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Posted by / 10-Sep-2017 12:46

Health effect of teen dating

Eight years earlier, the federally commissioned report "Kids Having Kids" also contained a similar finding, though it was buried: "Adolescent childbearers fare slightly better than later-childbearing counterparts in terms of their overall economic welfare." Pregnancy and giving birth significantly increases the chance that these mothers will become high school dropouts and as many as half have to go on welfare.

Many teen parents do not have the intellectual or emotional maturity that is needed to provide for another life.

One study in 2001 found that women who gave birth during their teens completed secondary-level schooling 10–12% as often and pursued post-secondary education 14–29% as often as women who waited until age 30.

Young motherhood in an industrialized country can affect employment and social class.

Teenage parents who can rely on family and community support, social services and child-care support are more likely to continue their education and get higher paying jobs as they progress with their education.

Factors that determine which mothers are more likely to have a closely spaced repeat birth include marriage and education: the likelihood decreases with the level of education of the young woman – or her parents – and increases if she gets married.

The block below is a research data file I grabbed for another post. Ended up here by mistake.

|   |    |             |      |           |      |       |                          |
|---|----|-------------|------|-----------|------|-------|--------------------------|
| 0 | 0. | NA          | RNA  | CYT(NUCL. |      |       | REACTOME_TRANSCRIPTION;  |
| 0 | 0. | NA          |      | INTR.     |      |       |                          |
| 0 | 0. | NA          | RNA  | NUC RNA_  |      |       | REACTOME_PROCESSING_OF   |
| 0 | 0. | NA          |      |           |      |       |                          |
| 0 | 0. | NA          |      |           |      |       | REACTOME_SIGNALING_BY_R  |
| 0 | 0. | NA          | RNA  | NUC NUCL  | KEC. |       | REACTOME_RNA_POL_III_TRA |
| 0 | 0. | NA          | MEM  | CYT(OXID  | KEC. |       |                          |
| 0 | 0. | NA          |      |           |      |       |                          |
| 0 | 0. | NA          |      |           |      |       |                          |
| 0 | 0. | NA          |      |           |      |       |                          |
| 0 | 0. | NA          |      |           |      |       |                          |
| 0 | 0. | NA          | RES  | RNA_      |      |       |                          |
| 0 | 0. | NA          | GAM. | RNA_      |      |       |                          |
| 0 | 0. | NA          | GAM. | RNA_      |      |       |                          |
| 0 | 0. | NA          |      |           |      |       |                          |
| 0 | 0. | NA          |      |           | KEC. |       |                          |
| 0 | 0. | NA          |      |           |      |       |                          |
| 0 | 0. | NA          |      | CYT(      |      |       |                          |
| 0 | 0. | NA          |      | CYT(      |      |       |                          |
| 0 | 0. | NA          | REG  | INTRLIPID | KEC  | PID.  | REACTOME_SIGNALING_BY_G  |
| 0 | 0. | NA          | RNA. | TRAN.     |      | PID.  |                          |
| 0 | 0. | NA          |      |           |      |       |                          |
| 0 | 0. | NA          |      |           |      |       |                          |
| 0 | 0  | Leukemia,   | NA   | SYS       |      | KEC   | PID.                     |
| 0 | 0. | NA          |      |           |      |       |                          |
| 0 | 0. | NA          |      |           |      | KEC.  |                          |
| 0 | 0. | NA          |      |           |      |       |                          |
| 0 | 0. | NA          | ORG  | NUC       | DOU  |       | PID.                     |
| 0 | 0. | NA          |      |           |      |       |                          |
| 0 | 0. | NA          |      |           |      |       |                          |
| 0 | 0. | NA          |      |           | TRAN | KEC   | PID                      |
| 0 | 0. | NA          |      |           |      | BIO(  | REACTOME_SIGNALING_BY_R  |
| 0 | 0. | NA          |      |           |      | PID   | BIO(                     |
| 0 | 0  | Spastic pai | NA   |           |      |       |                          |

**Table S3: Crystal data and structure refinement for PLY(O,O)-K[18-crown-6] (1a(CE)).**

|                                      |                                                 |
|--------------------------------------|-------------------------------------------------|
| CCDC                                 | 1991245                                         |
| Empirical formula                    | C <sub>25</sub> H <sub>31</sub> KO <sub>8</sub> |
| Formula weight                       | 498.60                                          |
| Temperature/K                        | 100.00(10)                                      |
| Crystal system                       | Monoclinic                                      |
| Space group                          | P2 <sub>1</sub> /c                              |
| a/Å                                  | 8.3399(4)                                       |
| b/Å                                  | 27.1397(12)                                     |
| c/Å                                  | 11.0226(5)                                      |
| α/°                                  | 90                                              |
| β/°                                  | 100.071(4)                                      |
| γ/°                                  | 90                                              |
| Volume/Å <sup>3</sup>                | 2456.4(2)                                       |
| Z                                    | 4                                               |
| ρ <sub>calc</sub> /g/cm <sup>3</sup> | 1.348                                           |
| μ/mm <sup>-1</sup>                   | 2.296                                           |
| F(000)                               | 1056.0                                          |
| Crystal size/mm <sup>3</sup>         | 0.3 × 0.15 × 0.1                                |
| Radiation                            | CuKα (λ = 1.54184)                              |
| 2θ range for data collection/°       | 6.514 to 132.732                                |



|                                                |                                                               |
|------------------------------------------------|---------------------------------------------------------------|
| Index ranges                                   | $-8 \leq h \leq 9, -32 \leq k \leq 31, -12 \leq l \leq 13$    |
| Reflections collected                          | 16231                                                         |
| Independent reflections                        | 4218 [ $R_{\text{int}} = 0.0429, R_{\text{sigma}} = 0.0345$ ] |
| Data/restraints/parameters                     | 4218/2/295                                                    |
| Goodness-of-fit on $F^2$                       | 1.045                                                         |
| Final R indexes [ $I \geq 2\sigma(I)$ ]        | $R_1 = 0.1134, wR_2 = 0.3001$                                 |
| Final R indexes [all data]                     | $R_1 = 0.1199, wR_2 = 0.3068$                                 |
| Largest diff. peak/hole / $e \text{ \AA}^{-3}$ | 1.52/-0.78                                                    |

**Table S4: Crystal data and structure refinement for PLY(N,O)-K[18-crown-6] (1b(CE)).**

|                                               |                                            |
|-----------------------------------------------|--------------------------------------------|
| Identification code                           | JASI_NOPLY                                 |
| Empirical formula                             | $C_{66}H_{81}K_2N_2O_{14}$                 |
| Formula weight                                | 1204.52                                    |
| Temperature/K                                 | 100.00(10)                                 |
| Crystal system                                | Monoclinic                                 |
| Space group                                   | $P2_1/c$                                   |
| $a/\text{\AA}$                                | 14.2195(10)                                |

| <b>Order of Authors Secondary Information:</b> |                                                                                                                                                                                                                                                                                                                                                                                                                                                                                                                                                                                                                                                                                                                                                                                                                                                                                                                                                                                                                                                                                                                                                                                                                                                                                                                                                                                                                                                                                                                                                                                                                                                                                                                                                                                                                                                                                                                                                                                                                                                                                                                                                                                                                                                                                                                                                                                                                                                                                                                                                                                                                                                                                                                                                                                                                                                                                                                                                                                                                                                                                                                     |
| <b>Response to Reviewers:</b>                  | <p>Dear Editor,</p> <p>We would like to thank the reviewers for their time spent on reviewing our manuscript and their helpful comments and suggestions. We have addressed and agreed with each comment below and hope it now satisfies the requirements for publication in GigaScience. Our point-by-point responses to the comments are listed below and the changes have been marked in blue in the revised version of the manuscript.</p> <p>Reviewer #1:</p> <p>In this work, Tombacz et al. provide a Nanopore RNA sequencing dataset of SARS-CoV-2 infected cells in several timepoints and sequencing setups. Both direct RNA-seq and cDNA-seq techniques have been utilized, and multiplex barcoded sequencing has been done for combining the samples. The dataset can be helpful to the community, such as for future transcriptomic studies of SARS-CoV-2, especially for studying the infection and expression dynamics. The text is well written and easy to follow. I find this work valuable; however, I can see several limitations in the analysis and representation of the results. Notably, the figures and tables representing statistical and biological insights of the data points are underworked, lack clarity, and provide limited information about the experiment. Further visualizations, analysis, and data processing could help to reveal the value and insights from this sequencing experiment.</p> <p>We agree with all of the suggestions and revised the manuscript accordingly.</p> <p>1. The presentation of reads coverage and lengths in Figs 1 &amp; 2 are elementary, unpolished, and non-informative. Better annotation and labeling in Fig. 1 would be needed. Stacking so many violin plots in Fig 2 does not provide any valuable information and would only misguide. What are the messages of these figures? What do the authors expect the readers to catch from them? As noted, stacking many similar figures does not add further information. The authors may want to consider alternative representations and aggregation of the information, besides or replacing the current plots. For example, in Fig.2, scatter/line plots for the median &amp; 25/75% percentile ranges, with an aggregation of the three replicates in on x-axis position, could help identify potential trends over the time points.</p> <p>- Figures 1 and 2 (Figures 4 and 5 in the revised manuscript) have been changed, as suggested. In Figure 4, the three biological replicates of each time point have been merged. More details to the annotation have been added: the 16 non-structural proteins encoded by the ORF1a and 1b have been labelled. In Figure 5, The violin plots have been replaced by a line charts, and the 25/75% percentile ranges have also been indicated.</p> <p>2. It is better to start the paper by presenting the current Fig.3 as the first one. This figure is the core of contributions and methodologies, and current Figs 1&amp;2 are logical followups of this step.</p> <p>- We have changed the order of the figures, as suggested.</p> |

Early motherhood can affect the psychosocial development of the infant.

This approach should include "providing age-appropriate comprehensive sexuality education for all young people, investing in girls' education, preventing child marriage, sexual violence and coercion, building gender-equitable societies by empowering girls and engaging men and boys and ensuring adolescents' access to sexual and reproductive health information as well as services that welcome them and facilitate their choices." In the United States one third of high school students reported being sexually active.

In 2011–2013 79% of females reported using birth control.

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Joseph Hotz and colleagues, published in 2005, found that by age 35, former teen mothers had earned more in income, paid more in taxes, were substantially less likely to live in poverty and collected less in public assistance than similarly poor women who waited until their 20s to have babies.